Mbuji Mayi, Democratic Republic of Congo – A pastor in the Communauté Evangélique Mennonite au Congo has spearheaded a ministry of compassion to suffering prisoners in the Democratic Republic of Congo.
Jean-Richard Muteba Wa Mbuyi spends a lot of time ministering inside La Prison Centrale de Mbuji Mayi. His outreach began in March 2013, when, while walking by the prison, strains of a song from inside the prison walls gripped his attention: “We are dying of thirst / No water for days.”
Muteba laid aside all other responsibilities and entered the prison gates. He was quickly granted access to the rooms where approximately 800 people were being held while awaiting trial. All were desperate for water to drink.
In Congo, people accused of a crime are guilty until proven innocent. It can be several years before a judge reviews their cases. During this time, prisoners struggle to survive in cramped conditions.
Though prisoners’ families are expected to provide food for them, the prison normally ensures the availability of enough water to sustain life – except when water shortages in the nearby city create a scarcity.
Muteba carried the news of the thirsty prisoners to the Sangilayi Evangelical Mennonite Church, where he is part of the pastoral team. The church leaders decided to disburse some funds to pay for water for the parched prisoners.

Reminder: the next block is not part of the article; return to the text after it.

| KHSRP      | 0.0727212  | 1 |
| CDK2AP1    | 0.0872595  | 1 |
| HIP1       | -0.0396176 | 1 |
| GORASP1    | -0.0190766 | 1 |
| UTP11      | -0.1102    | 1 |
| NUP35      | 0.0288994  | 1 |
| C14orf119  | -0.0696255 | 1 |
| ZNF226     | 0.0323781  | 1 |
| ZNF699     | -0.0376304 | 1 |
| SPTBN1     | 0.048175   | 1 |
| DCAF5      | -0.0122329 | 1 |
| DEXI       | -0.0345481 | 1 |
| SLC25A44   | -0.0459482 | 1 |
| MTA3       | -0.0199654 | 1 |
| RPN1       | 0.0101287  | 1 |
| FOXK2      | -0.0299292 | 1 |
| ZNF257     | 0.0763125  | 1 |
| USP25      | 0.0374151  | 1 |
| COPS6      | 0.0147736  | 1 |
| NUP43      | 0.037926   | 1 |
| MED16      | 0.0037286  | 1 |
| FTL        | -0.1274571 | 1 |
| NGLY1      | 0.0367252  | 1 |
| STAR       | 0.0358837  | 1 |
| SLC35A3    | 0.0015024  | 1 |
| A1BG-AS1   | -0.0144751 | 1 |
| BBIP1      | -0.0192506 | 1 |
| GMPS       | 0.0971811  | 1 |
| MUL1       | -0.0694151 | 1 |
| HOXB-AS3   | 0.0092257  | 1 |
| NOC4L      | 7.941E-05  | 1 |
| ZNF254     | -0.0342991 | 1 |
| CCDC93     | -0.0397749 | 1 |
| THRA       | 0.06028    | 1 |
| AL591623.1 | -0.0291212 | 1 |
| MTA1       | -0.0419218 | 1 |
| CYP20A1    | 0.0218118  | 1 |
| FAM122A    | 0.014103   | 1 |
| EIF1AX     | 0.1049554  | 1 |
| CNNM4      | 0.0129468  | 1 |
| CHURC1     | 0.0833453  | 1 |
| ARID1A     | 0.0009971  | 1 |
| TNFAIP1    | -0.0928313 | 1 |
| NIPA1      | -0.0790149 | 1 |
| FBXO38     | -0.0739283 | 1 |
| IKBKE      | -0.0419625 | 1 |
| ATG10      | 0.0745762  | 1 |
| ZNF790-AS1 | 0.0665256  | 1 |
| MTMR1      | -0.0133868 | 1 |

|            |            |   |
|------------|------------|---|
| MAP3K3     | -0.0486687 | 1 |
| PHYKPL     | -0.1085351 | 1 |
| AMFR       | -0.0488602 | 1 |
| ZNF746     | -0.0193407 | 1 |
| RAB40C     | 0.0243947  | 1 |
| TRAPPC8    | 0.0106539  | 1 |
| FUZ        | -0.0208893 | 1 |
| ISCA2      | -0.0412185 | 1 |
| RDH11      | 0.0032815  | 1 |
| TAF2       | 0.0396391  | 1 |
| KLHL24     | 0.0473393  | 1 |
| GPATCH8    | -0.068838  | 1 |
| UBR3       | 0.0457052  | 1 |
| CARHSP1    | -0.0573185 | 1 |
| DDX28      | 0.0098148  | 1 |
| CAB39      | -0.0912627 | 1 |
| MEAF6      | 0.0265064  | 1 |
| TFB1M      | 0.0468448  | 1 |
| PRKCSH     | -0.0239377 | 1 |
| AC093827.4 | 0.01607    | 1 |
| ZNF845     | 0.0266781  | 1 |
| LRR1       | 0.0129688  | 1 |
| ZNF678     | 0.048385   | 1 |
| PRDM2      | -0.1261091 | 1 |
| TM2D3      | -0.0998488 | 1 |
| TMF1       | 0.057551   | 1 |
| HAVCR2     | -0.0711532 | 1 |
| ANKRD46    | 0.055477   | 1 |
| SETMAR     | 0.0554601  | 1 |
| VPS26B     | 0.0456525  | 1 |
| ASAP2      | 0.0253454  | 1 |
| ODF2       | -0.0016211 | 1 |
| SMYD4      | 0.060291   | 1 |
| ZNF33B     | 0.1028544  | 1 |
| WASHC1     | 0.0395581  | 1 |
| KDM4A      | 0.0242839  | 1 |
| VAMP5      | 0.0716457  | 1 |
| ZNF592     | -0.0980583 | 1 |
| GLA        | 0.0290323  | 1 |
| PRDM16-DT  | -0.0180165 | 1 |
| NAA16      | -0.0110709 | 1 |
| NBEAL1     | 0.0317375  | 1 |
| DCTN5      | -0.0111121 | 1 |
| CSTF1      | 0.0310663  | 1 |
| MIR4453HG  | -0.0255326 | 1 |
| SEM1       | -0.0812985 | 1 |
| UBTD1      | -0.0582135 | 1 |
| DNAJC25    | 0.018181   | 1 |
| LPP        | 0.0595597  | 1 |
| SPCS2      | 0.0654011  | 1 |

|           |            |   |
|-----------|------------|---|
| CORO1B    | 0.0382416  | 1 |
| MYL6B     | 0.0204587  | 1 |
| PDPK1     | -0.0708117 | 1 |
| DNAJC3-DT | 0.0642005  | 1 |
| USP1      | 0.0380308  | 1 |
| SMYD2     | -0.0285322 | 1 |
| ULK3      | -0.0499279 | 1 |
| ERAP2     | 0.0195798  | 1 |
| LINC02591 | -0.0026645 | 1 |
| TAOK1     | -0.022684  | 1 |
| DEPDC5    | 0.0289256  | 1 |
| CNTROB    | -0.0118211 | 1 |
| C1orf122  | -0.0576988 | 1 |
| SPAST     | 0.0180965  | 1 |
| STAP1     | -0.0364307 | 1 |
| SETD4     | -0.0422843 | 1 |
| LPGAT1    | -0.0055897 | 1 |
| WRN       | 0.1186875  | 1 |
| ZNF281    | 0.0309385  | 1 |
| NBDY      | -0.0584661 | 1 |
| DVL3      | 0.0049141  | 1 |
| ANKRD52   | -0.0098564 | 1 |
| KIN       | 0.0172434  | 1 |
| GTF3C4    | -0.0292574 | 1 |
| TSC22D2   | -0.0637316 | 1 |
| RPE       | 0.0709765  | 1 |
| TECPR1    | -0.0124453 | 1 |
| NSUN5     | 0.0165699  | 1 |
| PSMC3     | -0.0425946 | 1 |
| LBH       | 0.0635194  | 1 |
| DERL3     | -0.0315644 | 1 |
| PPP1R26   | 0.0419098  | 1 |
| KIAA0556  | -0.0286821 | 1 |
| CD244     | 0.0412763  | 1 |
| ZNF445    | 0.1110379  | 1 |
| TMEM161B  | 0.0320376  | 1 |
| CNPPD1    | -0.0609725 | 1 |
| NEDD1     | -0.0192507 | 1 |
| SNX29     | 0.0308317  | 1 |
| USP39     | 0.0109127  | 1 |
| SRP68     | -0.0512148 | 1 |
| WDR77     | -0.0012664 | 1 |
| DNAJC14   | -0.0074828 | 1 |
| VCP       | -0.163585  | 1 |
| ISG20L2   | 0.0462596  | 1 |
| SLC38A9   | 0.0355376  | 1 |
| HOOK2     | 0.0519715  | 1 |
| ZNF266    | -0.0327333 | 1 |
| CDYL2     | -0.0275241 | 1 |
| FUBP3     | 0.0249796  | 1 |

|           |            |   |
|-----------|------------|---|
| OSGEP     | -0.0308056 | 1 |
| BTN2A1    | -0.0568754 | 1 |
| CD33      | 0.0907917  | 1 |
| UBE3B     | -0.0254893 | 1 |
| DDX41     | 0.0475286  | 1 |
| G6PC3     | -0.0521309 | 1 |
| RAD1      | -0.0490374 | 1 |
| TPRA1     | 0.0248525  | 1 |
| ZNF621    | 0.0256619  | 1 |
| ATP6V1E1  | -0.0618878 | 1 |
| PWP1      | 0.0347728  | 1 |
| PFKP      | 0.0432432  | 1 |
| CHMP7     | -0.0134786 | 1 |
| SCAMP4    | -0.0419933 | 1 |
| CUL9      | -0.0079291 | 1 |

With these funds, Muteba paid for several loads of water to be sent to the prison. The delivery system consists of men and boys going to streams with six 50-gallon jugs strapped to their bicycles.
In addition, Muteba visits the prison weekly to provide pastoral counseling to the prisoners. He used to fill his hours in the prison with preaching. However, Muteba has also learned through his theological studies at the Protestant University about the restorative power of listening.
Muteba hears about people who have been locked up for years on false charges, and about people who are starving because they have no family members in Mbuji Mayi to bring them food. Some people have been acquitted in a long-awaited trial, but remain in prison because they have no money for the exit fee.
Sometimes, the Sangilayi church’s prison ministry funds also pay the exit fee. Many of the prisoners join the congregation when they are freed. One of them, Daniel Kasongo, is now part of the pastoral team.
Muteba reports that his visits are a source of hope for the prisoners he visits. Rarely does Muteba enter the prison without hearing many thanks for the water his church provided when they were desperate – water that increases the fruitfulness of the gospel seeds he plants.
From a Mennonite Mission Network release by Lynda Hollinger-Janzen